Habitat opportunities in harbours – Port of Rotterdam

Initiation, planning and design

As part of the Rijkswaterstaat Innovation Program (WINN), Deltares sought cooperation with Port Centre Rotterdam. The project and its scope were defined by the parties collaboratively. Ideas developed by Deltares and Ecoconsult as part of the Rich Revetment study and new ideas on the hanging ‘hula’ structures were proposed for implementation in a number of pilot experiments in the Rotterdam harbour.


Rich habour wall opportunities for various depths

In the Rich Revetment philosophy, eco-dynamic design scenarios were considered for four habitat types:

  1. high-dynamic shallow habitats,
  2. high-dynamic deep habitats,
  3. low-dynamic shallow habitats and,
  4. low-dynamic deep habitats.

The fourth habitat type is applicable to most harbour environments and therefore two pilot alternatives were evaluated for this type, namely constructing artificial reef structures and enhancing existing harbour features.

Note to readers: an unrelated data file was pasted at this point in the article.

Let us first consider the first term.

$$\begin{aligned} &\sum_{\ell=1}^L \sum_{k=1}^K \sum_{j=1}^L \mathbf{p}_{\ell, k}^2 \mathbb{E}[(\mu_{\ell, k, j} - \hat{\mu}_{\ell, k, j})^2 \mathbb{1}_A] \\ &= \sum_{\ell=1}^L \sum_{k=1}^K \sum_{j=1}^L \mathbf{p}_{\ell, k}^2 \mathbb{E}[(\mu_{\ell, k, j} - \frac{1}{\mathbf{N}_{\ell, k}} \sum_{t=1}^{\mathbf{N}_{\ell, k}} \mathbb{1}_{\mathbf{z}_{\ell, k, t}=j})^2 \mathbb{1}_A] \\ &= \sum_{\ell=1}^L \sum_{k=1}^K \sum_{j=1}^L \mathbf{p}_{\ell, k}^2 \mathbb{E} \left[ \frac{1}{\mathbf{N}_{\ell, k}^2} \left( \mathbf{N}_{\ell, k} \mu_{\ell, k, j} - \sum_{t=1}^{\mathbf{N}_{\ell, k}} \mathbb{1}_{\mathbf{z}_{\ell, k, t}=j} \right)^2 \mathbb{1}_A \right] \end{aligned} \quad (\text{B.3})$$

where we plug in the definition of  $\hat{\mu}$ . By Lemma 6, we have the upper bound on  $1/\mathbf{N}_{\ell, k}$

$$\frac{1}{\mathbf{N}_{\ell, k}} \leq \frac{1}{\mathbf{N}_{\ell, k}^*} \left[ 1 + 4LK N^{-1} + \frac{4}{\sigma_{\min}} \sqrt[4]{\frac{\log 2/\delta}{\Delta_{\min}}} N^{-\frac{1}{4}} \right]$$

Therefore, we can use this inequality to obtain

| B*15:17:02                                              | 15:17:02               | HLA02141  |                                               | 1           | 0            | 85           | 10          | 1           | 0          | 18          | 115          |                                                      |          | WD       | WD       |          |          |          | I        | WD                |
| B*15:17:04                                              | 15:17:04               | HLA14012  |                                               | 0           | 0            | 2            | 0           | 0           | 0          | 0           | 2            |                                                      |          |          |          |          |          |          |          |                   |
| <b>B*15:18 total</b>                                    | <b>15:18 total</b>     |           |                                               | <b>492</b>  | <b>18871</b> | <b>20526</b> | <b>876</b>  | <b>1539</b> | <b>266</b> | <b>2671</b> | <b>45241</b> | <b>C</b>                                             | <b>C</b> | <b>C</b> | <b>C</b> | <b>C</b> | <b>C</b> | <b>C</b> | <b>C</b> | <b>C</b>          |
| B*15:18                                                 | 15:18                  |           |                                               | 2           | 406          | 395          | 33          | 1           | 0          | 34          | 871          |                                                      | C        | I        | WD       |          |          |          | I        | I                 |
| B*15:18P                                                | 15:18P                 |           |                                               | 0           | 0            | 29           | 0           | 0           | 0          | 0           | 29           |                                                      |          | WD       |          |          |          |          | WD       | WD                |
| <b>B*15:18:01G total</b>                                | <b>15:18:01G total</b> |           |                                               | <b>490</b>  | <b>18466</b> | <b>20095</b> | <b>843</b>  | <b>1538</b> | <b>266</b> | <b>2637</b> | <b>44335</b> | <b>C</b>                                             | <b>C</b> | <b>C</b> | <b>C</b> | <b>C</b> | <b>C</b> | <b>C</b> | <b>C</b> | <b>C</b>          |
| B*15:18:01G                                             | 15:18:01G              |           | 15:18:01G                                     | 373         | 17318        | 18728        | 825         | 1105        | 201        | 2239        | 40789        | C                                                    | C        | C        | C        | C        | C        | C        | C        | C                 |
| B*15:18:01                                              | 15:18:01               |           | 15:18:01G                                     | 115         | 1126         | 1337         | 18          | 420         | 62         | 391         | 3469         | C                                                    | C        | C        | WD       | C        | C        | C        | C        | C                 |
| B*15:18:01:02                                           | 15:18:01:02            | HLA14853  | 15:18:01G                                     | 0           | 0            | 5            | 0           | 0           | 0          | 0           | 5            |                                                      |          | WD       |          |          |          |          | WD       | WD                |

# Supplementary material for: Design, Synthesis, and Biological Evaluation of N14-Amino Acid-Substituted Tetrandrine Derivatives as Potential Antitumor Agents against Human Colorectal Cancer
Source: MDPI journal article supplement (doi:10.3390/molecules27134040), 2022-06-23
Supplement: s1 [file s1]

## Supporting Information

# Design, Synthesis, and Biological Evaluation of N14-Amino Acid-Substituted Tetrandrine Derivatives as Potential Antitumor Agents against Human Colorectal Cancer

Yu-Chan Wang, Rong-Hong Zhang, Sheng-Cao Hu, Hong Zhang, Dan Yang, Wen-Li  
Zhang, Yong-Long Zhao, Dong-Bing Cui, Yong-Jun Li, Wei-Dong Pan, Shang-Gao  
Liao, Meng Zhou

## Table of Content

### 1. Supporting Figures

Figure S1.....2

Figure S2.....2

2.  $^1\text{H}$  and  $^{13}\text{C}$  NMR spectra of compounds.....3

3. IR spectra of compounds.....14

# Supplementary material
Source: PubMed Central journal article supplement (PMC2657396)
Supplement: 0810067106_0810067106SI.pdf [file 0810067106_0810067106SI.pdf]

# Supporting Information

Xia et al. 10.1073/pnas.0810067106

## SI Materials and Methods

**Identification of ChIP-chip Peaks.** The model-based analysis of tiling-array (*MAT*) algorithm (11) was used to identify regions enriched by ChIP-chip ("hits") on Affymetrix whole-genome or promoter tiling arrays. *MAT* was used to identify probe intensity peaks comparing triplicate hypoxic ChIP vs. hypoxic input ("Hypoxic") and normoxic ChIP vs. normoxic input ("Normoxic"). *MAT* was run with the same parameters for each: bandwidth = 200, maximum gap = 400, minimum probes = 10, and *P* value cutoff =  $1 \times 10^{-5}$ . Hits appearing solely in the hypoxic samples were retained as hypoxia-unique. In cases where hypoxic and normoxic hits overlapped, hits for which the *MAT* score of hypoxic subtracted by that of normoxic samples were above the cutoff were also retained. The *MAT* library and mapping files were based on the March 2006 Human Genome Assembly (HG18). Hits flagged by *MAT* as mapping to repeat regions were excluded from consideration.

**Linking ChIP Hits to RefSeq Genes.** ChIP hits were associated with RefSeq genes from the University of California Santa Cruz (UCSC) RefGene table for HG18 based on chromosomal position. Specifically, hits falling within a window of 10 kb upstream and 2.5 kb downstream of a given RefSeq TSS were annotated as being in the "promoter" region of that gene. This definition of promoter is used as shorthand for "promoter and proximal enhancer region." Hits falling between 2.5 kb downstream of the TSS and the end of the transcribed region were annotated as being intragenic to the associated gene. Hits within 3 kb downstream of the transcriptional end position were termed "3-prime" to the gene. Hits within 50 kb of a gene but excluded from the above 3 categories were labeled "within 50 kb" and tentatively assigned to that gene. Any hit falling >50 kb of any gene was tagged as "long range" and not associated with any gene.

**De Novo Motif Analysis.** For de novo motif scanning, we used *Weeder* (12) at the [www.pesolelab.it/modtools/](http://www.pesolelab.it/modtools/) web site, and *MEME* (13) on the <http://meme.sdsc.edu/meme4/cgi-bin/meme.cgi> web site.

The large amount of hard substrate present in harbours was considered to offer opportunities for epifauna. In this respect, hard substrates can function as artificial reef structures. However, artificial hard substrates usually lack the variety of habitat characteristics of, for example, natural rocky coasts. Therefore, an optimal harbour wall was designed to resemble a natural reef by adding cracks and crevices of distinct sizes, making the wall suitable for colonization by small organisms such as algae, mussels and sponges, as well as by larger organisms such as fish and lobsters. Implementing such a reef wall would require the construction of new walls, which was not feasible for this pilot. Therefore, the present project only focuses on simpler solutions that can be applied in existing harbour basins.